Fairyhouse was awash with emotion yesterday as trainer Mouse Morris described his third BoyleSports Irish Grand National victory as the most special yet.
Morris endured a horrid time last year when losing his son, Christopher, to carbon monoxide poisoning while he was travelling aboard, and the understandably emotional trainer said afterwards: "This is for Tiffer, he was looking down on me there."
A winning rider in the race back in 1977 with Billycan, Morris previously trained Hear The Echo to win the race for Michael O'Leary's Gigginstown House Stud and it was in the same colours that Rogue Angel obliged in yesterday.
There was nobody begrudging Morris this victory. He admitted that keeping busy has helped him cope with the tragic loss and there was no arguing that the Gold Cup-winning trainer was due this one.
This season Morris had watched First Lieutenant narrowly lose out in the Lexus Chase, Rule The World slipped up going to the last fence when apparently going best of all in the Galway Plate and was then second in a Grade One to No More Heroes, while Alpha Des Obeaux finished second in three Grade Ones this season and most recently at Cheltenham when he came up against Thistlecrack.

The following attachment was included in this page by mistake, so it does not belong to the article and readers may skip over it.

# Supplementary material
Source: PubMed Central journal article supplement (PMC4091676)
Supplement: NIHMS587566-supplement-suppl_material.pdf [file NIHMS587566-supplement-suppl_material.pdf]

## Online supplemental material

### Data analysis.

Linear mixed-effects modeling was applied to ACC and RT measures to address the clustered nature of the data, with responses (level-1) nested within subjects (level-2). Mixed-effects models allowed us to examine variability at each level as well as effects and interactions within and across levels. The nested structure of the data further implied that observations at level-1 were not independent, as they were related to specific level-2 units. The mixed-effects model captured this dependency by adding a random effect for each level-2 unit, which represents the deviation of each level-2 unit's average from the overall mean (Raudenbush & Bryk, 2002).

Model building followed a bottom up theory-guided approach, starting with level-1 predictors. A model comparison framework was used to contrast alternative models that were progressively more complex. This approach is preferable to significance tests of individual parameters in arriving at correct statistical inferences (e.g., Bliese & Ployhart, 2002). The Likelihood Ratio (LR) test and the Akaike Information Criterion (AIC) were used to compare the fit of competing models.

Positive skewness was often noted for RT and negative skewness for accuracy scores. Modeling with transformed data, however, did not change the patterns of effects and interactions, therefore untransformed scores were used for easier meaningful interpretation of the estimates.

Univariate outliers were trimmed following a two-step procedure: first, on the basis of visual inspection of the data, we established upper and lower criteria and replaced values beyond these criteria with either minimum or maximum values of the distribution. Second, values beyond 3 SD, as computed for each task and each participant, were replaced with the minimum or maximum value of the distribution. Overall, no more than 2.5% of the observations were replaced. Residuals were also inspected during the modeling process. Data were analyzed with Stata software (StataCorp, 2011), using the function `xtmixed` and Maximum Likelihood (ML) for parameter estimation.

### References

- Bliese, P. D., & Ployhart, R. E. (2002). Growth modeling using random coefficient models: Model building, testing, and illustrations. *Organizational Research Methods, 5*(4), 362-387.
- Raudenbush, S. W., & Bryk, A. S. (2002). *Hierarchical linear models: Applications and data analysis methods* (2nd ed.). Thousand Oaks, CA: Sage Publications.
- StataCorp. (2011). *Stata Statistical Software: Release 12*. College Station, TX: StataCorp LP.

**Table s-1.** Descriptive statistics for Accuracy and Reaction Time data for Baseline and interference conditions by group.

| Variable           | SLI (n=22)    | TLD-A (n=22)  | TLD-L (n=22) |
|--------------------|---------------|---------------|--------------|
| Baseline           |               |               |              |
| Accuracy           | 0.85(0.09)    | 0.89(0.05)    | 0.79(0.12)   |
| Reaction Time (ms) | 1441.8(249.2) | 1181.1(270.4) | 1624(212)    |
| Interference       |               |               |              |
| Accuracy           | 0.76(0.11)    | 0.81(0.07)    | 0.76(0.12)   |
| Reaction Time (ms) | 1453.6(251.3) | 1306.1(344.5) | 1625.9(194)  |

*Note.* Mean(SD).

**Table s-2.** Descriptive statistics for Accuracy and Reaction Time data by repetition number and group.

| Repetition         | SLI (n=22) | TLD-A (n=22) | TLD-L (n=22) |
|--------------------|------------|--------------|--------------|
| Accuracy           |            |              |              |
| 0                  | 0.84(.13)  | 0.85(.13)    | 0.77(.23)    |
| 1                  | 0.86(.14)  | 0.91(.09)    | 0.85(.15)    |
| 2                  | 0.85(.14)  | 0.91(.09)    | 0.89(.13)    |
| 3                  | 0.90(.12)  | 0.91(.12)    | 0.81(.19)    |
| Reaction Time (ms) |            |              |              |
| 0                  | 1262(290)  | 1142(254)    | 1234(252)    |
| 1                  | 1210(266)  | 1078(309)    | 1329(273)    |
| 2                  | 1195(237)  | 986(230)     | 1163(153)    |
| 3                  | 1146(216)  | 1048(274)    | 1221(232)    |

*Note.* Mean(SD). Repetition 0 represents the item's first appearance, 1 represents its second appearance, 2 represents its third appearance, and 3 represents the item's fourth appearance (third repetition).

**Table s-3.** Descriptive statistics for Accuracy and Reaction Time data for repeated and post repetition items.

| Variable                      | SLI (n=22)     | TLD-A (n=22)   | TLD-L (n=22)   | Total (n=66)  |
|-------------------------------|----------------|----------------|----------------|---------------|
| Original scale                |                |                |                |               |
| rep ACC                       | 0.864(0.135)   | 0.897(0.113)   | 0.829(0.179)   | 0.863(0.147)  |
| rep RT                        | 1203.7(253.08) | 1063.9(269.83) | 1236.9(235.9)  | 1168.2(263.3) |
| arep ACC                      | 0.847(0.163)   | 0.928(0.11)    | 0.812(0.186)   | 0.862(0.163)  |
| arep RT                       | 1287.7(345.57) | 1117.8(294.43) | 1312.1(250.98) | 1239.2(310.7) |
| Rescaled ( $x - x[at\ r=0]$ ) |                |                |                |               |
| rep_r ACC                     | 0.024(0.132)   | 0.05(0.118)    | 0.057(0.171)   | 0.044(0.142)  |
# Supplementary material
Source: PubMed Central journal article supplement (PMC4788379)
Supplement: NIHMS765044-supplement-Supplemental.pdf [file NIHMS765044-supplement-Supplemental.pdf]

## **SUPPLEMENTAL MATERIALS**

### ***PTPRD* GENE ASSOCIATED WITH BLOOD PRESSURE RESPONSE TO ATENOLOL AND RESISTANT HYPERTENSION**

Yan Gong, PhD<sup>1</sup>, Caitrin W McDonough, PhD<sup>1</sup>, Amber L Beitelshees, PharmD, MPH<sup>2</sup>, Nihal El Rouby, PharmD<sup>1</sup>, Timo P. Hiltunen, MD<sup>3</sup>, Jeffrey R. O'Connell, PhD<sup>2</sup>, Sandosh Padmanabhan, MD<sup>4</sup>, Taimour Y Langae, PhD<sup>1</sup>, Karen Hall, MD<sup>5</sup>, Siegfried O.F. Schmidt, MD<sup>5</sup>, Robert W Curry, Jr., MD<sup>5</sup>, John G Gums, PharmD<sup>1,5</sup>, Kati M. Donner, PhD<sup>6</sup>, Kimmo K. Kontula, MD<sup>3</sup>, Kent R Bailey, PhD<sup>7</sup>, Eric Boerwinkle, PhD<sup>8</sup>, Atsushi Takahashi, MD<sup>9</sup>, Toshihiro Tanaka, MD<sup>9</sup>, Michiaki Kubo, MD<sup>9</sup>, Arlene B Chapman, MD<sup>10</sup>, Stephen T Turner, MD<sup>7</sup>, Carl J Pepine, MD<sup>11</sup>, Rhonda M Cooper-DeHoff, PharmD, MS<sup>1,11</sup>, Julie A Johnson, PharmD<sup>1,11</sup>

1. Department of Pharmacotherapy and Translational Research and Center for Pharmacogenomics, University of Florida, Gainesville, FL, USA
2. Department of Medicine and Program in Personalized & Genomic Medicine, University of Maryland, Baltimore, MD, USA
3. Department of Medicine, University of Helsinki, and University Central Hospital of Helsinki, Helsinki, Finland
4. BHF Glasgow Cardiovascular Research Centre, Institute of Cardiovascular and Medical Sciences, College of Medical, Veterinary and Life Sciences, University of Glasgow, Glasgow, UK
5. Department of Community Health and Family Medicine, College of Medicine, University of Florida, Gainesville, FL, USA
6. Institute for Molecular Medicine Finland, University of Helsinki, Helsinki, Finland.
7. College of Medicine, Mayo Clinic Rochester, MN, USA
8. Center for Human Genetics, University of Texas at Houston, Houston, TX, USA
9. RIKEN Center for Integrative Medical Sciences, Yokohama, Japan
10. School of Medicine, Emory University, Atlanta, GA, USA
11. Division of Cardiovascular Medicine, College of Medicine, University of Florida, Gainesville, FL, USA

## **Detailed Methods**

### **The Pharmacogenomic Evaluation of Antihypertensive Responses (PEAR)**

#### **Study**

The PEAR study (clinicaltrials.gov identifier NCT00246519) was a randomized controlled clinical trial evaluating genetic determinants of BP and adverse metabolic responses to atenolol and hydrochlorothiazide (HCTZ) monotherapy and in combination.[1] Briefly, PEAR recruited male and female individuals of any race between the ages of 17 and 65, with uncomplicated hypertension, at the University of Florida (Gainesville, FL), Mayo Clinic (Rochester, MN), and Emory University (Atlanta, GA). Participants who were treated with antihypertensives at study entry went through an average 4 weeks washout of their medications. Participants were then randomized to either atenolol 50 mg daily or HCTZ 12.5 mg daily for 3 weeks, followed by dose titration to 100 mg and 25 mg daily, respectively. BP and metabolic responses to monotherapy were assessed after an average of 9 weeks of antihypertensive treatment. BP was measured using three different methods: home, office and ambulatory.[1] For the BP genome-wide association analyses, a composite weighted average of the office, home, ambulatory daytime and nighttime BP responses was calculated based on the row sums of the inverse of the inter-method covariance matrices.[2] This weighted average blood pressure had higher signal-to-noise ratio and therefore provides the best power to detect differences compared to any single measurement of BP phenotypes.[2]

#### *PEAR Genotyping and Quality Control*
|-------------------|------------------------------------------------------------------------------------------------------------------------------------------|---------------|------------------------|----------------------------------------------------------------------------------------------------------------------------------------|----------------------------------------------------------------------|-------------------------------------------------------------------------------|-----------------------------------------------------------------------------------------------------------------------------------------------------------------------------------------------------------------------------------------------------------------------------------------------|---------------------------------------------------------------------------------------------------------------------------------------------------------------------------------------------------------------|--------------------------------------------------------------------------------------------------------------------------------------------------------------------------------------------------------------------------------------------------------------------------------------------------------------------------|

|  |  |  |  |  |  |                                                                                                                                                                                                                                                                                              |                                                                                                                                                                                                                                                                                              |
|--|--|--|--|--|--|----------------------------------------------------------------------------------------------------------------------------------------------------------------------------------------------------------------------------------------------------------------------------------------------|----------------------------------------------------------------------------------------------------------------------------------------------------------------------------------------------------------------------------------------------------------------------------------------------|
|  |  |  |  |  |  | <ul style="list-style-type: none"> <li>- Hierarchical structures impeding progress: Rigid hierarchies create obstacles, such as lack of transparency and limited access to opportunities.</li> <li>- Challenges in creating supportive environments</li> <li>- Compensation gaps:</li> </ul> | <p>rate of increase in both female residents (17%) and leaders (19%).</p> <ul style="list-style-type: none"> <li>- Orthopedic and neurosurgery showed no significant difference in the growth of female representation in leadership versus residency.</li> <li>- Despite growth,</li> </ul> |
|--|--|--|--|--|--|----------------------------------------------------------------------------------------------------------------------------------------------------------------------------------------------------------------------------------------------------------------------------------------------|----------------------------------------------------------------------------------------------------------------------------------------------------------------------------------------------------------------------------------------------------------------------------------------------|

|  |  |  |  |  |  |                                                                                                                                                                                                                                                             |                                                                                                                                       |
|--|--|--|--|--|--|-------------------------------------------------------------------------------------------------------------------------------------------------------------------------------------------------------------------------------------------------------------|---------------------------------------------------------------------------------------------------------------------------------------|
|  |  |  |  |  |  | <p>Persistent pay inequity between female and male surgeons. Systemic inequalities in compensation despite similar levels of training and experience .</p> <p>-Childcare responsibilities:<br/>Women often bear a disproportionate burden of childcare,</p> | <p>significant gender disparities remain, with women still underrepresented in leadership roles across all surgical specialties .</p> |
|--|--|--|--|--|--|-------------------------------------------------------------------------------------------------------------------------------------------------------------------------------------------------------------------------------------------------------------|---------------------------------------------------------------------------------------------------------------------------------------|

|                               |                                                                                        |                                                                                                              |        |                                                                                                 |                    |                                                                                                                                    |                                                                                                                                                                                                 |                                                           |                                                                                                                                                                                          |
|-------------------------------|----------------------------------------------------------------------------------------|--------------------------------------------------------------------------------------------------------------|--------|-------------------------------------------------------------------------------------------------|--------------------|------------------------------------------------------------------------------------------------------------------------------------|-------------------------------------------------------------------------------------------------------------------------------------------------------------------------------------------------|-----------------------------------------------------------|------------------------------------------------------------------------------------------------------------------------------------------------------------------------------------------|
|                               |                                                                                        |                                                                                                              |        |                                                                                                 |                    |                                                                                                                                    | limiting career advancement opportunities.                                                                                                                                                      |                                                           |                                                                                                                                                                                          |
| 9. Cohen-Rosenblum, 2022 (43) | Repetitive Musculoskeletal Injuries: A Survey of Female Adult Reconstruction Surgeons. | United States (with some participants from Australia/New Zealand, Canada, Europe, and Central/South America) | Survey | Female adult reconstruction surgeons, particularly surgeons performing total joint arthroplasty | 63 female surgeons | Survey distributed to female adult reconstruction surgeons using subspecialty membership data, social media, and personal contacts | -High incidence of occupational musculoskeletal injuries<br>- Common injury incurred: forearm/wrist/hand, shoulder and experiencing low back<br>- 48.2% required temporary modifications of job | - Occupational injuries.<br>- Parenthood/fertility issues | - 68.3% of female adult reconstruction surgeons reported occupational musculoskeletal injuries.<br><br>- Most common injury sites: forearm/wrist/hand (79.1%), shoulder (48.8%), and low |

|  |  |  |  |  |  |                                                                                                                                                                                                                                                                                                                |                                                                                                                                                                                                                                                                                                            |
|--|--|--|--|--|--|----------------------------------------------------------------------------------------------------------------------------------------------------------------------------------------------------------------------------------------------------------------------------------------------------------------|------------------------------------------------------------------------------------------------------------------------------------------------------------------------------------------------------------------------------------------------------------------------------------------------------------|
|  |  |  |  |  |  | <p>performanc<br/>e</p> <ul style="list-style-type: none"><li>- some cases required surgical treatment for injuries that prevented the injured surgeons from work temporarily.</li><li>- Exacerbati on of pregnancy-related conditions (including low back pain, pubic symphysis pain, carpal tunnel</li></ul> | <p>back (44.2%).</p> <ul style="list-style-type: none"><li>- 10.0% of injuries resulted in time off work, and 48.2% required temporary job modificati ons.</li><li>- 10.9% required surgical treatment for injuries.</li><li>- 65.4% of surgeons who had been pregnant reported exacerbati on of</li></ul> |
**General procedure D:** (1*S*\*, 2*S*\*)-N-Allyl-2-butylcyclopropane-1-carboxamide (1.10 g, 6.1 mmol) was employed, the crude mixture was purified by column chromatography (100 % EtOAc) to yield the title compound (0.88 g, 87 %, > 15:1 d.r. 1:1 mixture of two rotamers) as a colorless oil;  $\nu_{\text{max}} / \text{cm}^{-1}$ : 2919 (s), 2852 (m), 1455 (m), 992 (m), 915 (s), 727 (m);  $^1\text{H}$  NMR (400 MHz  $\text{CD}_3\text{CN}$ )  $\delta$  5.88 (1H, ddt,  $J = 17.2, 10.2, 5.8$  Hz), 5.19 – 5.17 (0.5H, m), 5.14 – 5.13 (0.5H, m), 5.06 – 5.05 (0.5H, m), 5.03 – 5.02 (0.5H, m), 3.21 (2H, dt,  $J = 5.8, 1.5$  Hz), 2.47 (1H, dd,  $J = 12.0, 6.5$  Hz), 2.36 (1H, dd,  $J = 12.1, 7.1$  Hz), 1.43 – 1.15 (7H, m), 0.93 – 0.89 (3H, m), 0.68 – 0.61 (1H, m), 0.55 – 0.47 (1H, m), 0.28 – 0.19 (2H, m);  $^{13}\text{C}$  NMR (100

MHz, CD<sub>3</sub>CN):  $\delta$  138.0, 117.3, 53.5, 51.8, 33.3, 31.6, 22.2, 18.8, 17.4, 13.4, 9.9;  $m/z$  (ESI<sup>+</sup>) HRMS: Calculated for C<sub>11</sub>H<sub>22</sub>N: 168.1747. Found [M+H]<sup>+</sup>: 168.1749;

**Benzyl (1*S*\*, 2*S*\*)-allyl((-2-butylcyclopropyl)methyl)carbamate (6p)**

In Rogue Angel, he produced a horse that was primed for the occasion and the eight-year-old was the definition of tough when he made almost all of the running under local lad Ger Fox to beat Bless The Wings by a shorthead.
Gordon Elliott, who trained the runner-up, and JP McManus were the first of many up to Morris to offer their congratulations and the trainer was just glad there was no repeat of the closing stages of last year's Irish Grand National.
"When I saw Bless The Wings coming I just thought 'here we go again' after having two in front jumping the last fence last year and getting collared.
"This is just special," he said. "The horse has two great attributes, jumping and he stays all day."
Looking to the future Morris added: "I left him in the English National in case he fell at the first or something stupid happened but he probably won't get in.
"We'll see how he comes out of it but he's an Aintree type."
For Fox, it was the biggest win of his career, his previous high coming on the same horse when they combined to win the Kerry National at Listowel.
From Ardcath, less than 15 minutes away from Fairyhouse, the 27-year-old was grateful for the opportunity.
"To win an Irish National in my local parish is a dream come true. Rides are getting tougher to come by because there's so many good lads coming through but this will hopefully give me a boost now and I'm just over the moon."
Rogue Angel was the second leg of a double for Morris who had earlier scored with Just Cause in the handicap hurdle.
One of the names to note from the afternoon was Elliott's Sutton Place who continued to enhance his reputation by battling back to claim the Grade Two novice hurdle under Barry Geragthy.
Geraghty earlier recorded a facile success on Slowmotion who looks another nice prospect for Aidan and Joseph O'Brien with the latter due to have his own licence in May.